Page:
Species of the Lower Platte

The Platte River provides a unique environment not just for the people who live near it, but for the species that call it home.  We would like to highligh six species of the Platte, some endangered, some threatened, and some just interesting.


River Otters

River otters are found in all major waterways in the US and Canada and are native to Nebraska.  They were hunted nearly to extinction in North America in the early 1900's because of their importance to the fur trade.  The Nebraska Game and Parks Commission worked in the 1980's to reintroduce river otters with moderate success.  They selected the lower Platte River as one of their reintroduction sites because it is a biologically unique landscape.  The braided lower Platte River is the perfect habitat for river otters because they require river miles, ponds, and backwater areas.  The wooded banks are preferred by beavers, which in turn creates habitat for river otters.  Otters use the ponds and dens created by beavers as part of their own dens. 

For more information, check out Nebraska Game and Parks Commission's species guide or this study conducted by a former UNL graduate student.


Interior Least Tern

Interior Least Terns were first seen and recorded by Lewis and Clark in 1804 and were abundant in the 1880's in the Midwest along major tributaries of the Mississippi River until they were hunted nearly to extinction.  In 1918 the Migratory Bird Treaty Act stopped hunting and allowed populations to slowly grow.  The regrowth population size decreased by 80% by the 1940's due to human use of their habitat.  Interior least terns require sandy substrate to nest and lay eggs, making the sandbars and beaches of the lower Platte River the perfect habitat.  Yearly surveys are conducted by the Nebraska Game and Parks Commission to track current population sizes.

For more information, refer to Nebraska Game and Parks Commission's species guide.


Piping Plover

Piping plovers are almost exclusively found alongside interior least terns because of similarities in breeding habitats.  While Nebraska has one of the largest breeding populations in the United States, the piping plover is considered both state and federally endangered.  Plovers are migratory birds that spend the spring and summer in Nebraska and the winter in the Gulf of Mexico.  There are several statewide programs focused on the conservation of piping plovers.

Want to learn more?  Project Beak has all the details.


Blanding's Turtle

Blanding's Turtle has a native range from Nebraska to Nova Scotia and lives in marches, permanent ponds, small streams, and sandy substrates.  It is distinguishable from other native turtles by their bright yellow chin and throat.  In Nebraska, blanding's turtle is classified as at risk.  There is currently a study being conducted by the U.S. Fish and Wildlife Service to determine whether blanding's turtle, among other amphibian and reptile species, should be listed as endangered or threatened.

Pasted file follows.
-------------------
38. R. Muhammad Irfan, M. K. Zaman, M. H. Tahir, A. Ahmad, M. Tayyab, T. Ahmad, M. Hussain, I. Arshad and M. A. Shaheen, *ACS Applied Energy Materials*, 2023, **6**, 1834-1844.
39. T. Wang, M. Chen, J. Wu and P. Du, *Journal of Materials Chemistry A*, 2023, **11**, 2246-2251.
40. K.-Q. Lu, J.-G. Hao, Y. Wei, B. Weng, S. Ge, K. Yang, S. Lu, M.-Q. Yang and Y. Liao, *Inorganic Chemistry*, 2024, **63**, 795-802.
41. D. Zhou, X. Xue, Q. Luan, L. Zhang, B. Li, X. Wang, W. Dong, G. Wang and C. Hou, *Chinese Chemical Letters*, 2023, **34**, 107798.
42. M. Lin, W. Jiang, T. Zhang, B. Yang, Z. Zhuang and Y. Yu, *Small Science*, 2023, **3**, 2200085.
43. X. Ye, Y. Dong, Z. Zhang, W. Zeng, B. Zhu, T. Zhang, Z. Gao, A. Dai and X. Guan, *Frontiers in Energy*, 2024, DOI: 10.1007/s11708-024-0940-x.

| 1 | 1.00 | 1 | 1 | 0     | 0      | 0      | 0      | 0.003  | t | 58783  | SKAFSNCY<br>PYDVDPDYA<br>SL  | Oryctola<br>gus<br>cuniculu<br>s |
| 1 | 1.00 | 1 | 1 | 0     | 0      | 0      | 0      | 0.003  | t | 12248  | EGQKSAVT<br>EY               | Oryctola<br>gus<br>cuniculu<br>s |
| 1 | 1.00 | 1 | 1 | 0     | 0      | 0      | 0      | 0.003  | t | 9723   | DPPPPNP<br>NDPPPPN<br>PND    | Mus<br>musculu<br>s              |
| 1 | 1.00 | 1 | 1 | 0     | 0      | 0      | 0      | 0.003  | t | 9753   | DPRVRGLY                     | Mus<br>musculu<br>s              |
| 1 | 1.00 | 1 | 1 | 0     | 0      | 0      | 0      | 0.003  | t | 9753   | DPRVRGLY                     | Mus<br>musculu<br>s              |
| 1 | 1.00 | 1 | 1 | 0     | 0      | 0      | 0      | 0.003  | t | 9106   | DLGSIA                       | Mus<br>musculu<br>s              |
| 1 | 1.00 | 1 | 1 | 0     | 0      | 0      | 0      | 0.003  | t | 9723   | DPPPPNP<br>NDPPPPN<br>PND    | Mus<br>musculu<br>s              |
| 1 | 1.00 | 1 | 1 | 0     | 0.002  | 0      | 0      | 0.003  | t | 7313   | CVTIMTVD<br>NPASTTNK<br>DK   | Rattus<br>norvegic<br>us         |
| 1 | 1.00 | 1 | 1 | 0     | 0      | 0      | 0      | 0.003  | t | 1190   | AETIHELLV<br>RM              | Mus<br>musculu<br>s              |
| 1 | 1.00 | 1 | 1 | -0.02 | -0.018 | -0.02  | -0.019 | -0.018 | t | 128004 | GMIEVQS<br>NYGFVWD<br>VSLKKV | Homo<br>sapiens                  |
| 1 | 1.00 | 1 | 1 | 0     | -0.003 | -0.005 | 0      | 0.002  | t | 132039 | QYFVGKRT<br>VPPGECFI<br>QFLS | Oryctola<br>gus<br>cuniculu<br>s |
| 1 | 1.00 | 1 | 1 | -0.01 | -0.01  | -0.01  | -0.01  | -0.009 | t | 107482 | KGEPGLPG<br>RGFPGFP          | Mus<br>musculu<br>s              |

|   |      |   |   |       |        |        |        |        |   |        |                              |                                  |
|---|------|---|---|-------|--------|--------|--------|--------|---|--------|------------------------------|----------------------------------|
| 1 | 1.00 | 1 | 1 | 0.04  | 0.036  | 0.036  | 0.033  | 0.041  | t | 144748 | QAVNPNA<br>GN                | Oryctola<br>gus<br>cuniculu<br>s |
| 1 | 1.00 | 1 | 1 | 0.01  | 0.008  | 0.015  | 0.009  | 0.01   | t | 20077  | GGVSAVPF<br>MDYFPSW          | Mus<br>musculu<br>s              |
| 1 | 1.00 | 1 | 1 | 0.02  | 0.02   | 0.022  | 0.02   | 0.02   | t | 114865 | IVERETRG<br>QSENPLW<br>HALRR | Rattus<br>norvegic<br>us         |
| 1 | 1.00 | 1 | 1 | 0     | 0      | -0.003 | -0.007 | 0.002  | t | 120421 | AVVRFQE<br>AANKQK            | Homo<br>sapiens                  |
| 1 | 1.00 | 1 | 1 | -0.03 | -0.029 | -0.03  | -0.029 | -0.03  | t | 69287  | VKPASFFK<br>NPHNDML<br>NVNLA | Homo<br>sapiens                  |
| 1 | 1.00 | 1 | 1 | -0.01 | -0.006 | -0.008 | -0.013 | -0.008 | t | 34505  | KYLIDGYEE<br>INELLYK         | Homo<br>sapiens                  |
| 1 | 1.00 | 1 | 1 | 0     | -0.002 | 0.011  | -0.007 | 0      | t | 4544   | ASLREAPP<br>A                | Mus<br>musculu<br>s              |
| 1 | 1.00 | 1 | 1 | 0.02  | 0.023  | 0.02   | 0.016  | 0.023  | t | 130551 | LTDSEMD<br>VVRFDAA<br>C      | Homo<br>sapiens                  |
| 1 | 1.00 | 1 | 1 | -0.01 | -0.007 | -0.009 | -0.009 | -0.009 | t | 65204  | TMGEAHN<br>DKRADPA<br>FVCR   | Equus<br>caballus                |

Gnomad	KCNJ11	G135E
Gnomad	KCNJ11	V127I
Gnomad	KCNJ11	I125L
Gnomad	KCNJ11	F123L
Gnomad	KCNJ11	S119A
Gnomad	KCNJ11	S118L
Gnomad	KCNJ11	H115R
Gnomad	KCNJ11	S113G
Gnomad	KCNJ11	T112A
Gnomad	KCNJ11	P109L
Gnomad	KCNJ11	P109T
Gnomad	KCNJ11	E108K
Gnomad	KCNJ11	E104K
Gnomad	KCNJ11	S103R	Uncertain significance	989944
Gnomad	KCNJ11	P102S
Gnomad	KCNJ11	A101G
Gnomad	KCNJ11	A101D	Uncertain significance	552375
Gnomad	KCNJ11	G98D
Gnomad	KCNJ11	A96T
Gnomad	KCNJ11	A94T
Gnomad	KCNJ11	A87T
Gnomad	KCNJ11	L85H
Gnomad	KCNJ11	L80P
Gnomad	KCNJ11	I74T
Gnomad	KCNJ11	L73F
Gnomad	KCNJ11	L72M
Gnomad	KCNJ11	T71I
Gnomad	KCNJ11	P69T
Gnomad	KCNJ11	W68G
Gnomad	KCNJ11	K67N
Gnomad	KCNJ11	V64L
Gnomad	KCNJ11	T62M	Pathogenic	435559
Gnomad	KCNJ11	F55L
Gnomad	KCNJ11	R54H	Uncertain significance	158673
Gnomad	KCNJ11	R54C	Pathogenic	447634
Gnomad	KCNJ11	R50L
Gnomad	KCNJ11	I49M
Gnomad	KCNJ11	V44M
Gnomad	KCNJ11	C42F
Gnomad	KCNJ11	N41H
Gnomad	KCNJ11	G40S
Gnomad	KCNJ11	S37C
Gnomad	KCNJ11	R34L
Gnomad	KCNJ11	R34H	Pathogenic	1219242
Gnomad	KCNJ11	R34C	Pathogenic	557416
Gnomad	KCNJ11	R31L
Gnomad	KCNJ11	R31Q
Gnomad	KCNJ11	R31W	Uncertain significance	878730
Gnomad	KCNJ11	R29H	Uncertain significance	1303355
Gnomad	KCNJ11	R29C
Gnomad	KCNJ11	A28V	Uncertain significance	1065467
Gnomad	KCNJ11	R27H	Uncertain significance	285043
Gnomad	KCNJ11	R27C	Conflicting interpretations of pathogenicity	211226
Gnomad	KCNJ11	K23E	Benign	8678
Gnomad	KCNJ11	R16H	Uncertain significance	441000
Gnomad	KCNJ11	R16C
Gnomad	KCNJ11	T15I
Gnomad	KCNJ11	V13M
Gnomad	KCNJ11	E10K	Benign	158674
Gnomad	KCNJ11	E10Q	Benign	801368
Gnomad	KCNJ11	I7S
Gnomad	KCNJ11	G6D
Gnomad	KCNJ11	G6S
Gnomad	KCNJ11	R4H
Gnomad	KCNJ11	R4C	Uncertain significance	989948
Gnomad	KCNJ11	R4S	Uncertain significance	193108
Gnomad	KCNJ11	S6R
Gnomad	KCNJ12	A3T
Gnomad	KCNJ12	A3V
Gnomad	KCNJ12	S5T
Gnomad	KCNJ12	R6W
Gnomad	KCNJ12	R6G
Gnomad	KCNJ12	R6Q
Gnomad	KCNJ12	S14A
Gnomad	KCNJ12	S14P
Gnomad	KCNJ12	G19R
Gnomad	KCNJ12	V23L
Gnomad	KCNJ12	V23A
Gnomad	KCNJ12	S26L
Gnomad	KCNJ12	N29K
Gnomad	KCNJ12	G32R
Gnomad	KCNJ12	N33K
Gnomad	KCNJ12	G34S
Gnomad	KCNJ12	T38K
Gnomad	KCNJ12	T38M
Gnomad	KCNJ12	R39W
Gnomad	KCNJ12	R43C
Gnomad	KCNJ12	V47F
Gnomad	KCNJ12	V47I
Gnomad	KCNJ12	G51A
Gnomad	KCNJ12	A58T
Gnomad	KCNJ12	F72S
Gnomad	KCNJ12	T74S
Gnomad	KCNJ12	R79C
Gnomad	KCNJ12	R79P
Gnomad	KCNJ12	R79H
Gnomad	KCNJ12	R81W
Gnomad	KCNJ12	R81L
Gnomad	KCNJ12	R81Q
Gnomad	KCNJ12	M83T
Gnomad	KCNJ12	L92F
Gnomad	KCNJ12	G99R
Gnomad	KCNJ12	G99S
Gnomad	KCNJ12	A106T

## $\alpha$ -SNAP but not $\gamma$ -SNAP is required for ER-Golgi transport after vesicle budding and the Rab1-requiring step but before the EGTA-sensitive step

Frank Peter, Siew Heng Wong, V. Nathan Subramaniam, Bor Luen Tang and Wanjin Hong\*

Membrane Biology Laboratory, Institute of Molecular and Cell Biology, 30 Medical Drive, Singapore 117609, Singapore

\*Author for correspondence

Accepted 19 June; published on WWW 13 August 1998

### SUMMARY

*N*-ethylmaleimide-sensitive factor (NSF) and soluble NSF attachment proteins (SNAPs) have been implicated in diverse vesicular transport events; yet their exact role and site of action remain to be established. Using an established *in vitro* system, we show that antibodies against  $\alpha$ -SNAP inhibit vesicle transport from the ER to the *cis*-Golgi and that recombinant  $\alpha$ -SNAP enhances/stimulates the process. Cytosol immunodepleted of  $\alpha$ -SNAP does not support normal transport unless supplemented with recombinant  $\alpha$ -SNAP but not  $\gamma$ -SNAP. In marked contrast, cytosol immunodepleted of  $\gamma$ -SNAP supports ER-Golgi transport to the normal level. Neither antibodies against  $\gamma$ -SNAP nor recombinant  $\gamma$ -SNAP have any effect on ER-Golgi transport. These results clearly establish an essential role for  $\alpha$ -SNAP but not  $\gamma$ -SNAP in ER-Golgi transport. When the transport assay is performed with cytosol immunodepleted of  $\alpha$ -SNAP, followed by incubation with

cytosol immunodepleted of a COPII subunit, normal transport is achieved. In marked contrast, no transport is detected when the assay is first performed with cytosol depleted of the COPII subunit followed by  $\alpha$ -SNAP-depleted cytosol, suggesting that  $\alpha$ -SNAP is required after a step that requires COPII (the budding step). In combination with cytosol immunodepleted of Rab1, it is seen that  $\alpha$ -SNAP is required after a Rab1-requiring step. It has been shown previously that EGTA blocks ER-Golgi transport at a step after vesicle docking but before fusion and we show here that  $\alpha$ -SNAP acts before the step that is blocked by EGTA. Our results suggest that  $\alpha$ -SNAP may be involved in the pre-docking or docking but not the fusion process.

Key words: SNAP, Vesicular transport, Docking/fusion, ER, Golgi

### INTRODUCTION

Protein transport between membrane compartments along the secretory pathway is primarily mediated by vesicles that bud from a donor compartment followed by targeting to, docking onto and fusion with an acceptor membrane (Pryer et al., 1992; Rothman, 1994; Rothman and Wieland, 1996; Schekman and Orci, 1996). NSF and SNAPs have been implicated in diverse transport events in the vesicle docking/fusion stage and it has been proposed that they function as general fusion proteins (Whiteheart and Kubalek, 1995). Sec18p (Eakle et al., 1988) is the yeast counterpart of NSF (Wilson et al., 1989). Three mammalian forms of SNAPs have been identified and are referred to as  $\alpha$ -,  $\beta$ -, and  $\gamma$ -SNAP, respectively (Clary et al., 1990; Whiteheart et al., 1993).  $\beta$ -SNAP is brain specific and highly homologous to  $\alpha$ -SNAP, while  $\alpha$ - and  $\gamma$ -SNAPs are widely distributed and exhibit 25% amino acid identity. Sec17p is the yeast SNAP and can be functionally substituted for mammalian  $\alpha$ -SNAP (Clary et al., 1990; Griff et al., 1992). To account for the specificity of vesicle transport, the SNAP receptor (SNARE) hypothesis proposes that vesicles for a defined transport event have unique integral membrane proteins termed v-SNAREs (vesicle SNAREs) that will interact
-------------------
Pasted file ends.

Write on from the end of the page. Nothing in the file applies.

For more information, try UNL's turtle page and this website devoted to blanding's turtle.


Bald Eagle

The Bald Eagle was previously listed as both a federal and state endangered species and was not seen in Nebraska.  The population has since risen enough to be removed from the federal list in 2007 and the state list in 2008.  The current population is monitored annually and statewide by the Nebraska Game and Parks Commission.  In 2014, they observed 146 nests in Nebraska and determined 111 to be active, a record high in Nebraska.  12 of the observed nests and 7 of the active nests are found alongside the lower Platte River.  Bald eagles are protected by state and federal law through the Migratory Bird Treaty Act and the Bald and Golden Eagle Protection Act.

The 2014 Nebraska Game and Parks Commission Bald Eagle Nesting Report can be found here.


Pallid Sturgeon

The pallid sturgeon wasn't recognized as an individual specie until 1905.  They were federally listed as an endangered species in 1990.  The decline in population is largely due to habitat modification.  Pallid sturgeon have adapted to live at the bottom of muddy and turbid rivers like the lower Platte.  While they're more often found in the Missouri River, pallid sturgeon have been known to use the lower Platte River as breeding grounds.  Recent conservation efforts include the stocking of 2,000 pallid sturgeon by the Nebraska Game and Parks Commission in locations of the Missouri River that have been built to be suitable habitat.  This was done as part of the Pallid Sturgeon Conservation Augmentation Program.  The released sturgeon were bred at Gavins Point National Fish Hatchery from males and females that were captured in the Missouri River in spring of 2015.

More information on conservation efforts can be found here, and general specie information can be found here and here.